5. Going to court is costly. Lance Armstrong kept the truth silenced about his illegal performance enhancing drug use for years by threatening to sue. He had the money to do it until eventually the truth prevailed. Apparently DDS has the money to spend in order to wear down a committed mother emotionally and financially and attempt to silence her by removing her as guardian which appears unlikely to occur based on these facts.

    4. There was a death at a Chelmsford group home last year (Feb. 2012) when a non-verbal, wheelchair bound resident (apparently not assessed by nursing staff, if any, at the home) was sent to his Day Program extremely ill where he was immediately assessed by a nurse as needing emergency treatement and 911 was called. See Cofar’s article on the death of this man, the conflicting information re: his cause of death as well as the lack of an autopsy and quick disposal of his body by cremation with no investigation involved. He never had anyone advocating for him to remain hospitalized.

    5. Pat Feeley needs to communicate by email only when interacting with DDS to provide documentation of what is stated to her. Meetings should be openly tape recorded to provide documentation. There should be no objection if this request is made by a guardian.


  5. April 15, 2013 at 1:54 pm

    UPDATE ON THE CASE — I spoke to Pat Feeley and to her attorney on Friday, following last week’s pre-trial conference in Probate Court.

    From what I understand, the judge made it clear to the DDS attorney that the Department hasn’t yet met its burden of proof to show either that Feeley has been unreasonable or irresponsible, or that anything short of 24/7 nursing care meets Michael’s medical needs.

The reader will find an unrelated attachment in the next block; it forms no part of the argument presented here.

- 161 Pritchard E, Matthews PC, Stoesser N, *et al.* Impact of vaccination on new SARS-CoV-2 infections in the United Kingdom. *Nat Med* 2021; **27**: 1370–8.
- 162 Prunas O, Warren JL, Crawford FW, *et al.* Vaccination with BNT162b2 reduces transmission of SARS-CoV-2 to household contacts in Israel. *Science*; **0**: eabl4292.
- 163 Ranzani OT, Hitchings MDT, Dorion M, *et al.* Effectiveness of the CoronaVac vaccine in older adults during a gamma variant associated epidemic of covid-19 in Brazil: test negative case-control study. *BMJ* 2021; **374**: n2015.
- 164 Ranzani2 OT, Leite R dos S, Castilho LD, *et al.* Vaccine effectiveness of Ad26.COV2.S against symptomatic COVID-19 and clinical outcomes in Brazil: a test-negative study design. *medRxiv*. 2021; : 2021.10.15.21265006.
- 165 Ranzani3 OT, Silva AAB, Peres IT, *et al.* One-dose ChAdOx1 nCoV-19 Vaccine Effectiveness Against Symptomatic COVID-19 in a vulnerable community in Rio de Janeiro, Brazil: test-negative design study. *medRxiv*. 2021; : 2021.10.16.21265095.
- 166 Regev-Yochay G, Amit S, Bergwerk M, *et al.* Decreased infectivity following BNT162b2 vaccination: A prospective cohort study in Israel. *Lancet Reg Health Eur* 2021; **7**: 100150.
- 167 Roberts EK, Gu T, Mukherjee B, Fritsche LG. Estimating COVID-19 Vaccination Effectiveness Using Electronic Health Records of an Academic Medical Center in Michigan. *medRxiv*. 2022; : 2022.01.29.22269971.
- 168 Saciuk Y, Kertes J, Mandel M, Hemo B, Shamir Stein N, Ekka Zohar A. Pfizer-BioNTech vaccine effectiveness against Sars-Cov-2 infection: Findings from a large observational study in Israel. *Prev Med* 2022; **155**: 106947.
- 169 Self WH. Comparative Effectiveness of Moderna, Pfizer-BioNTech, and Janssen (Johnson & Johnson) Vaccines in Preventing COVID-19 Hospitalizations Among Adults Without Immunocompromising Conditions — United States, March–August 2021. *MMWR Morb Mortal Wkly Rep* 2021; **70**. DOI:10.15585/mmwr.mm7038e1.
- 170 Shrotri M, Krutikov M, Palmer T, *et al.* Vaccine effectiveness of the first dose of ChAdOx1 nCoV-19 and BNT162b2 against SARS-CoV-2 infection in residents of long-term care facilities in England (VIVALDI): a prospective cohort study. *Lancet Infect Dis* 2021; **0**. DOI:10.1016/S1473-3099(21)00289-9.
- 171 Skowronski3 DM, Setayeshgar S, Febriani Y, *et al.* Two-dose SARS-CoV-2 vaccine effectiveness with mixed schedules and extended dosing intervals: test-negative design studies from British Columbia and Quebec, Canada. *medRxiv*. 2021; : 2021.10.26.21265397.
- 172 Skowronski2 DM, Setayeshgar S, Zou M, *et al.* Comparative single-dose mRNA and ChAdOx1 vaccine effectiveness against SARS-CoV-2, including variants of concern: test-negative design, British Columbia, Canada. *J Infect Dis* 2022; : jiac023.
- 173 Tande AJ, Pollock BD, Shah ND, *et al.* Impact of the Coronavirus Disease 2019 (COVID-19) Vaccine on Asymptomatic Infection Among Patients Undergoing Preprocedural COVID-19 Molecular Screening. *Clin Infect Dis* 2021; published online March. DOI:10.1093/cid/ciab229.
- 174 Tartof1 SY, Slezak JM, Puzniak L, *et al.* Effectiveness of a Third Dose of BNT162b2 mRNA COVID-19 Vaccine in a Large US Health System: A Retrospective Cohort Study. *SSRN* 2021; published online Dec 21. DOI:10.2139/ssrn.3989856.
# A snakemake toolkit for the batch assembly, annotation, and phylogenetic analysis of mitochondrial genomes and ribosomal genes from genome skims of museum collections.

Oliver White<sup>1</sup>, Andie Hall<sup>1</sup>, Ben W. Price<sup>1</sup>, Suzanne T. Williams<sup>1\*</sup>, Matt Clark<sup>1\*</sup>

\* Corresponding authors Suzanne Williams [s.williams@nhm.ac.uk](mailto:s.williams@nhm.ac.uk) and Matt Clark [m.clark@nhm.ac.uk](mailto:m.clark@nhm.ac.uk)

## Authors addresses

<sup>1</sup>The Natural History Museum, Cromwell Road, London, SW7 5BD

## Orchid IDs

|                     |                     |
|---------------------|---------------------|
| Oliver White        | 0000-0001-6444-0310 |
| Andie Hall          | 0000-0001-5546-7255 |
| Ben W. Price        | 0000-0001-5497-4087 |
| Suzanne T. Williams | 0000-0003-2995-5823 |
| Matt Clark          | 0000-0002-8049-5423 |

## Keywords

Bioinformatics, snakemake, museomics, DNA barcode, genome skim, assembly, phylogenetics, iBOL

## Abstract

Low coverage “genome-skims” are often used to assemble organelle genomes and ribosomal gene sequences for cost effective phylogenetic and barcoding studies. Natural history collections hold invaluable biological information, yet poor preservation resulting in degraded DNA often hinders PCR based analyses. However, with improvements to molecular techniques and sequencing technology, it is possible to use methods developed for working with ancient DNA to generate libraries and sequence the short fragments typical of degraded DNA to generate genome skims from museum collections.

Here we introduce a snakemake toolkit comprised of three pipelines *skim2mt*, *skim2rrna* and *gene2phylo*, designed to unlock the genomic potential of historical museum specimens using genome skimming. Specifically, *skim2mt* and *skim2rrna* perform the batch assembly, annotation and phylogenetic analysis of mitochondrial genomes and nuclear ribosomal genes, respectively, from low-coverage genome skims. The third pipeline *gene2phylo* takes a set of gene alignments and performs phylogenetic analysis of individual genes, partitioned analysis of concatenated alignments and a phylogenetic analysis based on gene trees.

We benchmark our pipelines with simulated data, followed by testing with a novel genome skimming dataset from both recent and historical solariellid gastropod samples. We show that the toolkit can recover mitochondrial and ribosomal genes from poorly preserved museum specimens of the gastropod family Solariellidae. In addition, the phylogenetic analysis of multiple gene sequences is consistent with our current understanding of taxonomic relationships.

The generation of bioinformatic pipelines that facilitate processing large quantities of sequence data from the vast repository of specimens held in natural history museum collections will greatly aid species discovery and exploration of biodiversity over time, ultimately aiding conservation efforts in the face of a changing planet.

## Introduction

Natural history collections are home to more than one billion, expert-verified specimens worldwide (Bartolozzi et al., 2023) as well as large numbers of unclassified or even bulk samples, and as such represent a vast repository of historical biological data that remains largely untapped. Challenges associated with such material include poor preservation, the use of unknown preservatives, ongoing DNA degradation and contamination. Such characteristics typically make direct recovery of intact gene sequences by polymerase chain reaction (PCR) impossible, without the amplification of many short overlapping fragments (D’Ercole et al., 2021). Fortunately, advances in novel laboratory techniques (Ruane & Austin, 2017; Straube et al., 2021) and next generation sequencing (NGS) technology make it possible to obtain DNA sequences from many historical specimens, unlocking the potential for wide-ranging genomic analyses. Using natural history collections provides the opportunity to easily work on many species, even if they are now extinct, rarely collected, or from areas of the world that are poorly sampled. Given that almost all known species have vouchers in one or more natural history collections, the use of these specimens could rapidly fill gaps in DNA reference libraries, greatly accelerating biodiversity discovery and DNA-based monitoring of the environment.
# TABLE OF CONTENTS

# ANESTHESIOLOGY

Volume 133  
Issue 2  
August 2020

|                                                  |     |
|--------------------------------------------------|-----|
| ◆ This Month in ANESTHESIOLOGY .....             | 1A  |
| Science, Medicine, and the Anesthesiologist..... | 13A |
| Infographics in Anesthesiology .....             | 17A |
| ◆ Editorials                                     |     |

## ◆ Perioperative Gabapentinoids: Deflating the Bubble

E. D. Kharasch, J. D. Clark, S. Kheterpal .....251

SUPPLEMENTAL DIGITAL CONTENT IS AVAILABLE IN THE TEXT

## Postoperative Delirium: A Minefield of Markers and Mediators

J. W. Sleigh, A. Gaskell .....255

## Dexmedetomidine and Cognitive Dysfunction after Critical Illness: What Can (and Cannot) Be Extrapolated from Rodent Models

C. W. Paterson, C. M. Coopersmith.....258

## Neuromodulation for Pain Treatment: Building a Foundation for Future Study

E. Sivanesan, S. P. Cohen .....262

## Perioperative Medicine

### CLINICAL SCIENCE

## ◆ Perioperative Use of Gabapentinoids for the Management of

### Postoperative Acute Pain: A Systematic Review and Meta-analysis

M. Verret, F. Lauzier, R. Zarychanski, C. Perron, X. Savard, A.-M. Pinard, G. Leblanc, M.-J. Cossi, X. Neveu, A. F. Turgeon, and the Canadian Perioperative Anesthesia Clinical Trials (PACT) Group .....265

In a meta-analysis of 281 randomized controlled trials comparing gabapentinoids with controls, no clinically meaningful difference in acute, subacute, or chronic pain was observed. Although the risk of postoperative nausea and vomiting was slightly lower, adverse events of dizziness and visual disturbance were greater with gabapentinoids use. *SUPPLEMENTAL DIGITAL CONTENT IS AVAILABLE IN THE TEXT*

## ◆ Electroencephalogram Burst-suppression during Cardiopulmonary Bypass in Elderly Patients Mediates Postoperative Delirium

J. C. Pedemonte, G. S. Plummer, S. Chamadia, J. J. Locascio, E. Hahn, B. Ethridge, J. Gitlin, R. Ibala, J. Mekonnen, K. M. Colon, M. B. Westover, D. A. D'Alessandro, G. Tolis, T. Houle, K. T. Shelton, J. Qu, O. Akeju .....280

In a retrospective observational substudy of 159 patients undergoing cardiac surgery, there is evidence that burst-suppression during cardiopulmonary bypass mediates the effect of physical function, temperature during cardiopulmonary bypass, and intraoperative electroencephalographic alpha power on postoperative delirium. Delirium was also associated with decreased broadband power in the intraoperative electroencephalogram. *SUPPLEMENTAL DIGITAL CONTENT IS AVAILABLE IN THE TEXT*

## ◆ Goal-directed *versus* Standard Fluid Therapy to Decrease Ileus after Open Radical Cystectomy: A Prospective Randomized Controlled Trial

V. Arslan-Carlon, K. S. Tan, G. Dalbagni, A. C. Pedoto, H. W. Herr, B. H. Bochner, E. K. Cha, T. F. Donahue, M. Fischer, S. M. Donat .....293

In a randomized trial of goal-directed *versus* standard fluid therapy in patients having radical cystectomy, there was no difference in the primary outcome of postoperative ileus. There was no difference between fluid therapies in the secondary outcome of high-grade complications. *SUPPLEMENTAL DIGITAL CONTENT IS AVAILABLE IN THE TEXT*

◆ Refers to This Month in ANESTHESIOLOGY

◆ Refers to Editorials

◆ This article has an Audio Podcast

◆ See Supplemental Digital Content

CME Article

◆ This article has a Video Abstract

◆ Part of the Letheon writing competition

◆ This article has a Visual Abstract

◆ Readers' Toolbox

Steve Sheehy said at the end of our conversation that he hopes the case is “heading toward a reasonable meeting of the minds” on the proper placement for Michael. The judge scheduled a further conference in the case for July 17.

    It does appear that even DDS is dropping the “clutter” argument from its case, apparently recognizing its total irrelevance.


    • Concerned
      April 15, 2013 at 7:29 pm

      Does Attorney Sheehy plan to do more than hope that the case is “heading toward a reasonable meeting of the minds?” If DDS was reasonable, Pat Sheehy wouldn’t be having to hire a lawyer and go to court to fight to retain custody of her son. I hope that Att. Sheehy will obtain other clinical assessments from MD’s who specialize in diabetes to support the Boston doctor’s contention that Michael needs 24-7 nursing to address his clinical needs caused by diabetes.


  6. Anonymous
    April 15, 2013 at 2:45 pm

    Sounds like baby steps in the right direction. Maybe common sense will prevail. It’s unfortunate, though, that Michael and his mother now have to wait another three months for any further movement.


  7. May 21, 2014 at 1:05 am